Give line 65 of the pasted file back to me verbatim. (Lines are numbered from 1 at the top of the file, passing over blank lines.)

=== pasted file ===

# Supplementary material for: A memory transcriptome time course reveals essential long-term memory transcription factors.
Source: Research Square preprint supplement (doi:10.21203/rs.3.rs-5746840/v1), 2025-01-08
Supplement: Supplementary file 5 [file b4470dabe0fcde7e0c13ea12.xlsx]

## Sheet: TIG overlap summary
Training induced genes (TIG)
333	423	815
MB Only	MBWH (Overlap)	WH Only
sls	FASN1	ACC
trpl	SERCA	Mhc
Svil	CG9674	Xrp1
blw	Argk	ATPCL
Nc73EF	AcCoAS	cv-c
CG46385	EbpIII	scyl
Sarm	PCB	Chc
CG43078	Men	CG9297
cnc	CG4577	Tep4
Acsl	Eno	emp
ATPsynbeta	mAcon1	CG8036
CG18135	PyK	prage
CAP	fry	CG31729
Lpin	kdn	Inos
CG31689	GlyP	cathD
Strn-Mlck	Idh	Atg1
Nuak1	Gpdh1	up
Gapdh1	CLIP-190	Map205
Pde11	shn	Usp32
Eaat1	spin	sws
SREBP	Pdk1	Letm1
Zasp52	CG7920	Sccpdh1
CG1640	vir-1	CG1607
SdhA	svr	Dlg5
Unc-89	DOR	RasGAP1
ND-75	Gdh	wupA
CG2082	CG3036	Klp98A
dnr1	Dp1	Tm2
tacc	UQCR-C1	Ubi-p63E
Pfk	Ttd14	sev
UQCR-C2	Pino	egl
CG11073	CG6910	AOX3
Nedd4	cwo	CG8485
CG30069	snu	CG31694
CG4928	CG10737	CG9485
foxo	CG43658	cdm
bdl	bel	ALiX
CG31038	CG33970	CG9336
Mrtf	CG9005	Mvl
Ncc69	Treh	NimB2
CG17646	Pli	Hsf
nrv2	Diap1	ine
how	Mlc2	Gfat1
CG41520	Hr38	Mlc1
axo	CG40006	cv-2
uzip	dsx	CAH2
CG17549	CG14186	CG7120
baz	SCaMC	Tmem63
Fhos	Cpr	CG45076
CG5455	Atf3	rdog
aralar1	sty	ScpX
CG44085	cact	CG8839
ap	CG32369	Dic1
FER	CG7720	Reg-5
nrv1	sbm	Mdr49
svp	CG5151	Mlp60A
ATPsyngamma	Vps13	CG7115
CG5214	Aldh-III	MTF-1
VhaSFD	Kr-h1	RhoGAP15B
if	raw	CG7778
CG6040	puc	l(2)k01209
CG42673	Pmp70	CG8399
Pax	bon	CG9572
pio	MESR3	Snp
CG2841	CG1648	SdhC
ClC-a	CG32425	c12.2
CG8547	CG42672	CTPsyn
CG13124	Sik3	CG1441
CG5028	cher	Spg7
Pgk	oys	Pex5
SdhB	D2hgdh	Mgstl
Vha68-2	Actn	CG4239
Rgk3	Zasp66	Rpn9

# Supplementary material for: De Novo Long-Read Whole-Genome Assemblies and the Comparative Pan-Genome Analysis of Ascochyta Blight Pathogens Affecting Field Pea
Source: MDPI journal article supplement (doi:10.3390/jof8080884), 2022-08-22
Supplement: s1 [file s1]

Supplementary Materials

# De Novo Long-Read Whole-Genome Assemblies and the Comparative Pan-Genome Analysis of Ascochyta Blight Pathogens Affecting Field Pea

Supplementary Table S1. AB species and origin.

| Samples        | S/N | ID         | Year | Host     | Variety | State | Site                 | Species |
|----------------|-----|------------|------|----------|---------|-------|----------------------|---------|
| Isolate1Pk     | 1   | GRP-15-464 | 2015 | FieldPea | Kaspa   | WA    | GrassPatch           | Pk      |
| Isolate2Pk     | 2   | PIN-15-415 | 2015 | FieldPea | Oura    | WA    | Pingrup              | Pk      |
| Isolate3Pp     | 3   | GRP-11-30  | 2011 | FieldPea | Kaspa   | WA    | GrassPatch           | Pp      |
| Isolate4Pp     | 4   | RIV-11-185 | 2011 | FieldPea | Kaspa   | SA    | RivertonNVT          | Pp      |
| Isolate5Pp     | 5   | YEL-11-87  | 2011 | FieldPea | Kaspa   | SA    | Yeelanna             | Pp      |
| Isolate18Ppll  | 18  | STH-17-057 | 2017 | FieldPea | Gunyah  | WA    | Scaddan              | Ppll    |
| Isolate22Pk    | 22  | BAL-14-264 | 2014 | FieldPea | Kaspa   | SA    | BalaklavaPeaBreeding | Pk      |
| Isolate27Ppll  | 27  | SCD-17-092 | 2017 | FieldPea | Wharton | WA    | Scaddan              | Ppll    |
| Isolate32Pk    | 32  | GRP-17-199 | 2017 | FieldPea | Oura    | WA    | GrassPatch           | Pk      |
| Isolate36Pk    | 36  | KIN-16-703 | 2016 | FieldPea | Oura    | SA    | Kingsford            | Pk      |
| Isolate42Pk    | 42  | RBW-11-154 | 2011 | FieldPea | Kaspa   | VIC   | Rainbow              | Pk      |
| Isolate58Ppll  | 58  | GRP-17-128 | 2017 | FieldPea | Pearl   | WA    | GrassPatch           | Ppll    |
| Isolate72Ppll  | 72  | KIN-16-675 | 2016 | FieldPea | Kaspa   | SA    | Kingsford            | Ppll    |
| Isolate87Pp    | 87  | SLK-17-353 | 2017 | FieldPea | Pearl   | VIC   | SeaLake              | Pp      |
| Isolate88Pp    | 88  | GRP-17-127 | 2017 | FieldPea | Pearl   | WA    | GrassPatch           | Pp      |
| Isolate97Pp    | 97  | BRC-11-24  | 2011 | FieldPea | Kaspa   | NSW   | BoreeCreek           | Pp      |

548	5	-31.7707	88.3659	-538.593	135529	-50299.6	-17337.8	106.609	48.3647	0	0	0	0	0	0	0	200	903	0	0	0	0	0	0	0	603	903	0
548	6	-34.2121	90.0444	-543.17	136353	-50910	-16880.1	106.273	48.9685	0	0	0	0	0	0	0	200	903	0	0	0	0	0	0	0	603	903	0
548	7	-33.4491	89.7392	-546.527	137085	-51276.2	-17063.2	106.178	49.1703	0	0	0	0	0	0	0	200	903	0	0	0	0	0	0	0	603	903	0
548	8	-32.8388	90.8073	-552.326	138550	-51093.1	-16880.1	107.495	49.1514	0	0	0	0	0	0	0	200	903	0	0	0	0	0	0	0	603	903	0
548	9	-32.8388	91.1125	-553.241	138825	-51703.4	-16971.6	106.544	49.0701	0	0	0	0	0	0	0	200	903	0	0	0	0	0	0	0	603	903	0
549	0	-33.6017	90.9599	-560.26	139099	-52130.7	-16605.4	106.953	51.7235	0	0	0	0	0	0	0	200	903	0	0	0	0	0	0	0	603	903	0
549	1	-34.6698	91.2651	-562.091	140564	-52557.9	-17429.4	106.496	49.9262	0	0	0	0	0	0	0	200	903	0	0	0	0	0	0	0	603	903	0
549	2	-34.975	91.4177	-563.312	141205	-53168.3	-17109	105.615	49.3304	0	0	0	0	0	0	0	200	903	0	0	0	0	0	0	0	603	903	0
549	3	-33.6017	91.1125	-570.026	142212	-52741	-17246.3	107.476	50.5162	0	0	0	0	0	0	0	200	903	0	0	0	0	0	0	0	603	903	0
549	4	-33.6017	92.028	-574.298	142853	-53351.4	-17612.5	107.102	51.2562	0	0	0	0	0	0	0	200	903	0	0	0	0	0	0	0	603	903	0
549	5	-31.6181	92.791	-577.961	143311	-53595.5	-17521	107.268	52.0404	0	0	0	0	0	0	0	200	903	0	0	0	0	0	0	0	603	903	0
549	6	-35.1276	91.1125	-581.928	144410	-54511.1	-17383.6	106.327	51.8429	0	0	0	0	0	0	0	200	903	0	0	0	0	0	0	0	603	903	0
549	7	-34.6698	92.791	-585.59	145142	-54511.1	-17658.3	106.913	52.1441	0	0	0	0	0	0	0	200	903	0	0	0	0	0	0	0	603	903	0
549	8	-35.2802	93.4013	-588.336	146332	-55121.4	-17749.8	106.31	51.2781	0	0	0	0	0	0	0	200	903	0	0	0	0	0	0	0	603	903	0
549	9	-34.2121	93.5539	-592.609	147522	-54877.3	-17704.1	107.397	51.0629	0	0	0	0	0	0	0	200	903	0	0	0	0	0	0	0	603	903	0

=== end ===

CG5214	Aldh-III	MTF-1